Crowdfunding has been utilised to back everything from the construction of potato salad to effigies of Lionel Ritchie. This week however, we were particularly surprised to see a JVM-centric campaign pop up: JUnit Lambda, which is aiming to raise 25,000 EUR to push forward the development of the popular Java testing library.
With no formal paid support in place, a slew of issues have accumulated, and any meaningful way for JUnit to reap the benefits of the features Java 8 introduces is a long way off. The fundraisers hope that by raising enough to employ a crew of dedicated developers and fund an onsite kick-off workshop, they’ll be able to shape the future of testing on the JVM. In this interview, Johannes Link gives us the full story, and explains why he and his co-fundraisers decided to take this unorthodox approach.
Voxxed: This is a pretty unique model for building a JVM project. What made you decide to take this approach?
Link: JUnit 4 is 10 years old and got stuck in a slow maintenance mode. This is mostly due to the fact that no core developer is being paid for their work on JUnit. For the ambitious changes deemed necessary, JUnit needs at least an initial push of a protracted period of full time development. We hope that the combination of 3 employer sponsored developers together with raising enough money to support an additional 1 or 2 devs for 2 months will work out.
Do you hope other open source projects will follow suit? Have you had any criticism of this model?
We don’t consider crowd funding to be the optimal sponsoring model since there are no real tangible benefits for funders; the resulting software will be available to the public anyway.
Being quite famous, JUnit might have chance to get funding this way, because people (and companies) are willing to “give back” for the last 20 years of testing. Nevertheless, it’s an experiment; if successful others could follow suite.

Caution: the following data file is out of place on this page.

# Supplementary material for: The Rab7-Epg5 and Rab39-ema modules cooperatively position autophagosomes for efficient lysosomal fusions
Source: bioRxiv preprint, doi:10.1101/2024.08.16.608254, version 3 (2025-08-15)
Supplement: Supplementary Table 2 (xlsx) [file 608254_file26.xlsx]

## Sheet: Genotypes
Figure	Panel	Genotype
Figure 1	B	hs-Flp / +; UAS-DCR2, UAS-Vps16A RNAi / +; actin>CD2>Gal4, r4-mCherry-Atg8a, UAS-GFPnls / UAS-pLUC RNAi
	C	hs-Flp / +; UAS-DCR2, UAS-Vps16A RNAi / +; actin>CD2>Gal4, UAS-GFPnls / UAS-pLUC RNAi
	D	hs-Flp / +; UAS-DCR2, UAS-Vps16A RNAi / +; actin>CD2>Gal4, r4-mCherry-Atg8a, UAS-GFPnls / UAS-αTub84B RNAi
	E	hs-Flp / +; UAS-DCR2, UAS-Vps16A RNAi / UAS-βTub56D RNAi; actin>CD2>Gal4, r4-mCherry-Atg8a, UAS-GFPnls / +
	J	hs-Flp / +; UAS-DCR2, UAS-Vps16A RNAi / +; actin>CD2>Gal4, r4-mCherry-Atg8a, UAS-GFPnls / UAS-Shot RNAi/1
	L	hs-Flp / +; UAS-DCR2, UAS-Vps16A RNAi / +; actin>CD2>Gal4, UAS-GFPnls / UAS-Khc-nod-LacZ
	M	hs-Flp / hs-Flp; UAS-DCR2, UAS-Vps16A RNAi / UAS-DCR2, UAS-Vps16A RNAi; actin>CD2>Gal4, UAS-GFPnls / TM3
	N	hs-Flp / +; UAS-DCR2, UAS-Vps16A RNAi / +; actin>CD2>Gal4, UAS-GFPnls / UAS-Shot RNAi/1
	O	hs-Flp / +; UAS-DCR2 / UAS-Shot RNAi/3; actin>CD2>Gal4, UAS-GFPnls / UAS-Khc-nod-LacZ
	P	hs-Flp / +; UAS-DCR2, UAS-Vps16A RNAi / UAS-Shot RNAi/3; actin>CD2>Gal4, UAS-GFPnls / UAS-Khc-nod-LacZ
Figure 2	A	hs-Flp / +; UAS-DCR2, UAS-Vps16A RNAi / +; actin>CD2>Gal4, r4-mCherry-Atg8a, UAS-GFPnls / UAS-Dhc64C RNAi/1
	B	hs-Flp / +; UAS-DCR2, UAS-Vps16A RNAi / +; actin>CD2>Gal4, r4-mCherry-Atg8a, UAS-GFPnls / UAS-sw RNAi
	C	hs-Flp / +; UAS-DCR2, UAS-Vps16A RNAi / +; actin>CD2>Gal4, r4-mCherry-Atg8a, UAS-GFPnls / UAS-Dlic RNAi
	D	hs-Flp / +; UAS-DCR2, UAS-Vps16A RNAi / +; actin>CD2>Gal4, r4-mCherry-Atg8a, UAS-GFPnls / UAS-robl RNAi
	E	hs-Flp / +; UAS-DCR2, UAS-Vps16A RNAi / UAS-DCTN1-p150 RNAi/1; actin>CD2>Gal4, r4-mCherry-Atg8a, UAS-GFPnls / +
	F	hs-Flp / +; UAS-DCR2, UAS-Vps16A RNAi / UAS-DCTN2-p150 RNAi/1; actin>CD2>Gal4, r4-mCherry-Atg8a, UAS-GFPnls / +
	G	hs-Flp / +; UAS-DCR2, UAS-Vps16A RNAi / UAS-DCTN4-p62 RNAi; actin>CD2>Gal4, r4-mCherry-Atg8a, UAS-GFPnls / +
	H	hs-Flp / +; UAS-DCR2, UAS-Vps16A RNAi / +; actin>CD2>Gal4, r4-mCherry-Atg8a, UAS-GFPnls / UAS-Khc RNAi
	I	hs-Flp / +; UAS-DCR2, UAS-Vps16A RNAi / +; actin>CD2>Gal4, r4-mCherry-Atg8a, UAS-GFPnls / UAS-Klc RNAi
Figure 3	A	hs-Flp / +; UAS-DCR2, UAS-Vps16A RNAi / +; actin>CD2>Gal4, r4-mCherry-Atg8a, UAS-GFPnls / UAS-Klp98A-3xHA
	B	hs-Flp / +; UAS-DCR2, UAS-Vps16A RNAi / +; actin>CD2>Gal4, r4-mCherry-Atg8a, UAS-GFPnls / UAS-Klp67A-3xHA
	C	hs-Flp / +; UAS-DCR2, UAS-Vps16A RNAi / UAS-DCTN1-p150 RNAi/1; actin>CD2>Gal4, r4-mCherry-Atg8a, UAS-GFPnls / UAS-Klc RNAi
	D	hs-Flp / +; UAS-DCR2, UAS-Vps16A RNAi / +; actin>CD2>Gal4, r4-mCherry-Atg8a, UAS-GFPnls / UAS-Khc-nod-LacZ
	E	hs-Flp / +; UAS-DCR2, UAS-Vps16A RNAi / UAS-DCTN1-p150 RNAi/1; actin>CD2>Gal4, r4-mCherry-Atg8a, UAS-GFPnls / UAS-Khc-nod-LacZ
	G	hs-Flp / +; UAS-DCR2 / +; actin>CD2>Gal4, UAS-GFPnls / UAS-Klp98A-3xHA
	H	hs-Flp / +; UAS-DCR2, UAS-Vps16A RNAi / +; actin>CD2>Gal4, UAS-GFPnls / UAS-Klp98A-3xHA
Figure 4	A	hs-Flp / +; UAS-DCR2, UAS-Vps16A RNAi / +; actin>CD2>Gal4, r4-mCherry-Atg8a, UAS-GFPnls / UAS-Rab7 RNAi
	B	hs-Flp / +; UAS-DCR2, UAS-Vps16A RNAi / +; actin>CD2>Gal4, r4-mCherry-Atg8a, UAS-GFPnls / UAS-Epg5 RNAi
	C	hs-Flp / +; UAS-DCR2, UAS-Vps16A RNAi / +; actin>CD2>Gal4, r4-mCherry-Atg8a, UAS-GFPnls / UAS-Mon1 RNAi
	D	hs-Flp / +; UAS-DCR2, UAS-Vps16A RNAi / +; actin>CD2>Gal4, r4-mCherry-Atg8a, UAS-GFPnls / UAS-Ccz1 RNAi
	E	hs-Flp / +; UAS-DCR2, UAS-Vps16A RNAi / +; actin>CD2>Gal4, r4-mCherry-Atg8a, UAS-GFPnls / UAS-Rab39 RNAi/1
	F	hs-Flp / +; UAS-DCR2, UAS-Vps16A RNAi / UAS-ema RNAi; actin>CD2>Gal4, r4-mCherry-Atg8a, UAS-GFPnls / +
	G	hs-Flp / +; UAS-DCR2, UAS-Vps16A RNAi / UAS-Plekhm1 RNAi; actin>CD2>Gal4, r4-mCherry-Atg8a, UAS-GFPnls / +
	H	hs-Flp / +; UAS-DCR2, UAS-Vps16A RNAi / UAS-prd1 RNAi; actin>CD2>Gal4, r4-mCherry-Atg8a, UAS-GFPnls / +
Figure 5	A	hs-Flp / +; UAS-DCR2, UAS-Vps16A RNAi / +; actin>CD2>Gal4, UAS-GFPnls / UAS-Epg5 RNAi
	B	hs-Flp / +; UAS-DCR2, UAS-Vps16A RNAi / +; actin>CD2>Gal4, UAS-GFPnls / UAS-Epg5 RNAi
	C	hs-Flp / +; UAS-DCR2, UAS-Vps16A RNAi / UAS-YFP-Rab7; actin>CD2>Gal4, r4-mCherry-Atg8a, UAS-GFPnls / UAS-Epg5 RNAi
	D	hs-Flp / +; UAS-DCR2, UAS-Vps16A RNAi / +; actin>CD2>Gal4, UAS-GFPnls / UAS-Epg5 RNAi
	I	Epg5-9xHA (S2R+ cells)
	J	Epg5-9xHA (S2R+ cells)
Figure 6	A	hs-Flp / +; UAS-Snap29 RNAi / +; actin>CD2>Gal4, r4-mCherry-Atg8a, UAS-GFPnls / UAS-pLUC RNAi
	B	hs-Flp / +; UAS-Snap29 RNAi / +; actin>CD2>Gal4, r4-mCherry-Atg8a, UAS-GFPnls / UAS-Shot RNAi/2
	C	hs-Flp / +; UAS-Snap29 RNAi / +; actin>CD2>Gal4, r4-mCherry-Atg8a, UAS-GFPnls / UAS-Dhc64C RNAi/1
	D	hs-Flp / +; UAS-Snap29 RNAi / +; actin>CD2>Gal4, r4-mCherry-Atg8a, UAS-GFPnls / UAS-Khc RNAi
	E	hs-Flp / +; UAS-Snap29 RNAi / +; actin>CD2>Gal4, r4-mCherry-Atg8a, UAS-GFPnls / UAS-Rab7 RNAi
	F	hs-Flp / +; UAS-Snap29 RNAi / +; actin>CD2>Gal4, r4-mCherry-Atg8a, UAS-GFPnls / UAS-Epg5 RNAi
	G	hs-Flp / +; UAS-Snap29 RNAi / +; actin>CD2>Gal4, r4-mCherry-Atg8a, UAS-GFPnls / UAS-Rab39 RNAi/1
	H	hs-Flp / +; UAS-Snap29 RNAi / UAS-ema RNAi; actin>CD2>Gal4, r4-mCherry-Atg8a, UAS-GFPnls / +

What do you think will be the biggest challenge for this project in terms of tools and IDEs?
IDEs and build tools rely heavily on the current way of running JUnit tests and collecting test results. We have been in contact with most of the companies and developers behind those tools to collect their needs for a better integration. That said, it will need a lot of persuasion to get them integrate with a new, albeit more powerful, API. In the meantime we’ll try to have some backwards compatibility measures available to allow people to use JUnit Lambda from minute one.
Are there any corporate backers in particular you would like to see getting on board withthis campaign?
In the current phase we are happy about all contributions that help us reach the funding target of 25000 EUR. Companies that want to both make a difference and have some influence on the future direction of JUnit should consider the more valuable perks, which will allow them to participate in the kickoff meeting.
For the time after the campaign, JUnit would immensely profit from a corporate sponsor to fund at least a few months of development time per year.
What are some of the key issues you’d like to fix with JUnit?
The basic design of JUnit has remained the same since 2005. Some constructs like Rules were added, but at the same time backwards compatibility has always been a major goal. A number of issues have increasingly slowed down its evolution:
1) No clear and simple way to extend JUnit: There are Runners and Rules, both addressing overlapping aspects of enhancing or changing JUnit’s standard behaviour. Composing two or more extensions will often not function as wished. Moreover, keeping all 3rd party extensions working and doing necessary restructuring at the same time has become a Sisyphean struggle. We plan to completely rethink JUnit’s extensibility story with a focus on composability and separation of concerns.
2) Missing API for executing tests and collecting test results: As described above, we plan to provide a decoupled way for running and watching test execution.
3) Java 8 constructs like lambdas and streams could give us a more concise way of building test cases and formulating assertions. We plan to enhance JUnit with an optional package for those things so that JUnit’s core will continue to be compatible with Java 7 or even Java 6.
Is there any way for our readers to get involved if they’d like to help in this effort (aside from donating, which you can do here)?
Spreading the word is currently priority #1. Tell your colleagues, your Java community and your boss. And in case of a successful campaign: try out the early releases and give us feedback!